Instead, it directs national regulators to “consider” the separation of trading and other activities, depending upon the risk that each credit institution presents. It leaves it to the European Banking Authority and the EU Commission to legislate for the thresholds and methods of determining when a bank’s activities need separating.

Challenges to certainty and consistency

All of these differing regulations could present big headaches for Lord Hill. The EU legislation around structural reforms and ring-fencing create high levels of uncertainty, particularly in regards to where and when the ring-fence will be required and whether states such as the UK will be granted a derogation.

Although the ability exists to apply for a derogation from the EU ring-fencing rules, on the basis that states already have equivalent national legislation in place, it is currently uncertain whether or not the UK’s legislation will be considered sufficiently equivalent.

The EU proposals are intended to have extra-territorial effect by applying to the non-EU subsidiaries of EU banks, and to the EU branches of non-EU banks, unless the EU Commission considers the relevant non-EU jurisdiction to have equivalent laws.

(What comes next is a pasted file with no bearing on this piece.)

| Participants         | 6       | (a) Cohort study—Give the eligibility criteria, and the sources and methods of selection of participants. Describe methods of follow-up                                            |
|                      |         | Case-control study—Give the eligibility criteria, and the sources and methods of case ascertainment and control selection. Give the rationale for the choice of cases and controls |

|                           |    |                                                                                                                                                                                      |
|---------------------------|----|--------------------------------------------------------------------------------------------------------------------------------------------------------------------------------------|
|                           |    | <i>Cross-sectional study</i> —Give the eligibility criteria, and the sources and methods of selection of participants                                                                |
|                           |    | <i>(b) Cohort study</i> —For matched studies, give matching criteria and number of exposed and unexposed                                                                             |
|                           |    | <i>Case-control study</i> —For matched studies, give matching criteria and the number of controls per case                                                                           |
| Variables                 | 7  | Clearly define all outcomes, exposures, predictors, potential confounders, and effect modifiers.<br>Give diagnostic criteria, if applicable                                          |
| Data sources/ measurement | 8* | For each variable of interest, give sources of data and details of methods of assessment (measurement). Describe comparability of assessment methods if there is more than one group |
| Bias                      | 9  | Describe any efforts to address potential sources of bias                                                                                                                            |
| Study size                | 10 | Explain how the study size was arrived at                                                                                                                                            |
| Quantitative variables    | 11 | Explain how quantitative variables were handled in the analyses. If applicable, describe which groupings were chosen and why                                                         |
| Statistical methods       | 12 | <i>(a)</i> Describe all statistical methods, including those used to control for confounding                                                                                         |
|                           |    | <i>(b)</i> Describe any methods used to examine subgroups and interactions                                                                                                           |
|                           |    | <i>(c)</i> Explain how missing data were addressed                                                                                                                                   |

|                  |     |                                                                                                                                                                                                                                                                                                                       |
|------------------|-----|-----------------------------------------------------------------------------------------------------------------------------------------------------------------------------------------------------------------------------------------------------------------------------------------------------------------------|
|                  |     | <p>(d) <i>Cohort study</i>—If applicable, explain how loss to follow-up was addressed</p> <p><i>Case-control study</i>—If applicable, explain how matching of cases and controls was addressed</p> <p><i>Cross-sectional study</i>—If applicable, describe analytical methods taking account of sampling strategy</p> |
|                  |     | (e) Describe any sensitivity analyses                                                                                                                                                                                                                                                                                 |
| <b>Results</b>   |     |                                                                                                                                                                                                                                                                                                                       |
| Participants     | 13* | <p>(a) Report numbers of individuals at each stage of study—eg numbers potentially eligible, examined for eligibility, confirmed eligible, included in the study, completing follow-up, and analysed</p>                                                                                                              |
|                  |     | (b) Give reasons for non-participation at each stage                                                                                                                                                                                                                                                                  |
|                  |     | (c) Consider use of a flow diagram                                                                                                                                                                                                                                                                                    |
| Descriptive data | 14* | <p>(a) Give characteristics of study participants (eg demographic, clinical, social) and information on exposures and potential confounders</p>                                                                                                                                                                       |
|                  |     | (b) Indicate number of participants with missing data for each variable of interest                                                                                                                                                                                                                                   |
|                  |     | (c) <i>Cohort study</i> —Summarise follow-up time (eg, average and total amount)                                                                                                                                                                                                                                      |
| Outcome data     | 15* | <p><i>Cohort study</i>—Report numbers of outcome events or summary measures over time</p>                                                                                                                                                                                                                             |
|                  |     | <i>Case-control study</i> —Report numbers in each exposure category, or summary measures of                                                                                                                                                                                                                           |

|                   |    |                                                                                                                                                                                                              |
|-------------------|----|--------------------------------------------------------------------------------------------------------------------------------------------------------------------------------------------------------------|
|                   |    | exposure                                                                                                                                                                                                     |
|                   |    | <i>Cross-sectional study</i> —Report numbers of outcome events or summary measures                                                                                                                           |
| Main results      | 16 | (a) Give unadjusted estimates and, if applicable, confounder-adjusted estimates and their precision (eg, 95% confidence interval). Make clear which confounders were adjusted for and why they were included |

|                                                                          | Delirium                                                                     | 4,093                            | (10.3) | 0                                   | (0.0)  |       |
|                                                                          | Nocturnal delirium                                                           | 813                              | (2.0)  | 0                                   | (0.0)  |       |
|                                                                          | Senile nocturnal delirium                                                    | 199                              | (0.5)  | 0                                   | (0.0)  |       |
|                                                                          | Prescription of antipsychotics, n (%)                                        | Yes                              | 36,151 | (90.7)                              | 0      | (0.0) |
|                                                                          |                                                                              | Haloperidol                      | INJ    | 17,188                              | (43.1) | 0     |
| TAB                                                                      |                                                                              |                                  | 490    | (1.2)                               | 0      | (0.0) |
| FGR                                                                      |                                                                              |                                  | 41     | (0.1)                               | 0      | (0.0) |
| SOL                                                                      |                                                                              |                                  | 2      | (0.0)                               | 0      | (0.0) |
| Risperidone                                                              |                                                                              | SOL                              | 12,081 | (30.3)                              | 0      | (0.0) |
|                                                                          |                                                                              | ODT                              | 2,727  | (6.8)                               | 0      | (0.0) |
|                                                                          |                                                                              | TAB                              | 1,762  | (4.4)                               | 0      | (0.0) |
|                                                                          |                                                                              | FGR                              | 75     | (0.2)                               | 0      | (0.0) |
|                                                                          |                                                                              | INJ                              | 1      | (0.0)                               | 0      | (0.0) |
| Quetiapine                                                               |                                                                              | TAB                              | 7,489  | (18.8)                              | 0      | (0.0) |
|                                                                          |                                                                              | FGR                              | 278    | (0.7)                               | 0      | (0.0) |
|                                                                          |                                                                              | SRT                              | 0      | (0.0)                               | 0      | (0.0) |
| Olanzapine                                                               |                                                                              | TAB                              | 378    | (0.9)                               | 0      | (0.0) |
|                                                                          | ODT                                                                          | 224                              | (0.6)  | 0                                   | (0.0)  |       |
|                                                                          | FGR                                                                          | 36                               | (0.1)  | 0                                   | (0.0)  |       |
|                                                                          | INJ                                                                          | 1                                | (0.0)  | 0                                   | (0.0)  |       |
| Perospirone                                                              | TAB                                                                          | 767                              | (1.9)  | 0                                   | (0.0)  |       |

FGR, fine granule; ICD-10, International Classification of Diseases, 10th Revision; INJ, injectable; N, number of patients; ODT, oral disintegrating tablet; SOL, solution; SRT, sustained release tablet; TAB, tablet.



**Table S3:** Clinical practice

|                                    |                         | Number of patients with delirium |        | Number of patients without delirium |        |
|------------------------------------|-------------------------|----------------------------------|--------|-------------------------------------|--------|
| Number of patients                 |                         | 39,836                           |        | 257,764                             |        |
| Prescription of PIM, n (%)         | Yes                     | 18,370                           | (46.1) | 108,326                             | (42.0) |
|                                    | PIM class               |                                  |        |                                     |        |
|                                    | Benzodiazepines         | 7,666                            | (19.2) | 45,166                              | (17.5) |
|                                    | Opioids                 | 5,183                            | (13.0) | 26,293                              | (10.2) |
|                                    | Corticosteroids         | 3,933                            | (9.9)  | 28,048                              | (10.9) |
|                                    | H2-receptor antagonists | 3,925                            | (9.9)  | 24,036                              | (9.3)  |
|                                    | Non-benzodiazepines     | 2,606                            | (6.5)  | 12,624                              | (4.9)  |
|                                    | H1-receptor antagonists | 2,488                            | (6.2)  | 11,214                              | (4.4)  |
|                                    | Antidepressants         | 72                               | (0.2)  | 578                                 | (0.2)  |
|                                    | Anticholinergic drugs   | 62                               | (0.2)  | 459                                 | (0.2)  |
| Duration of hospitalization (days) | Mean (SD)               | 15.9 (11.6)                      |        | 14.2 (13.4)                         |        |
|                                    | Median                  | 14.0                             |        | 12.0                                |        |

However, in order to be considered equivalent, the non-EU jurisdiction is likely to require both Volcker-style prohibitions as well as ring-fencing provisions, and will also be required to recognise EU legislation in the same way as the EU legislation recognises its laws.

This raises questions as to how effective and consistent these different structural separation requirements are going to be for cross-border banking groups. In the context of derivatives legislation and rule-making, under EMIR in Europe and Dodd Frank in the US, the challenges of achieving mutual recognition between different jurisdictions have proven to be immense.

Good night and good luck

In short, Lord Hill and his colleagues in the EU Commission have their work cut out for them. By the looks of their current plate, it may be sometime before we see an entirely new menu.

Jeremy Jennings-Mares is a Partner at Morrison & Foerster in London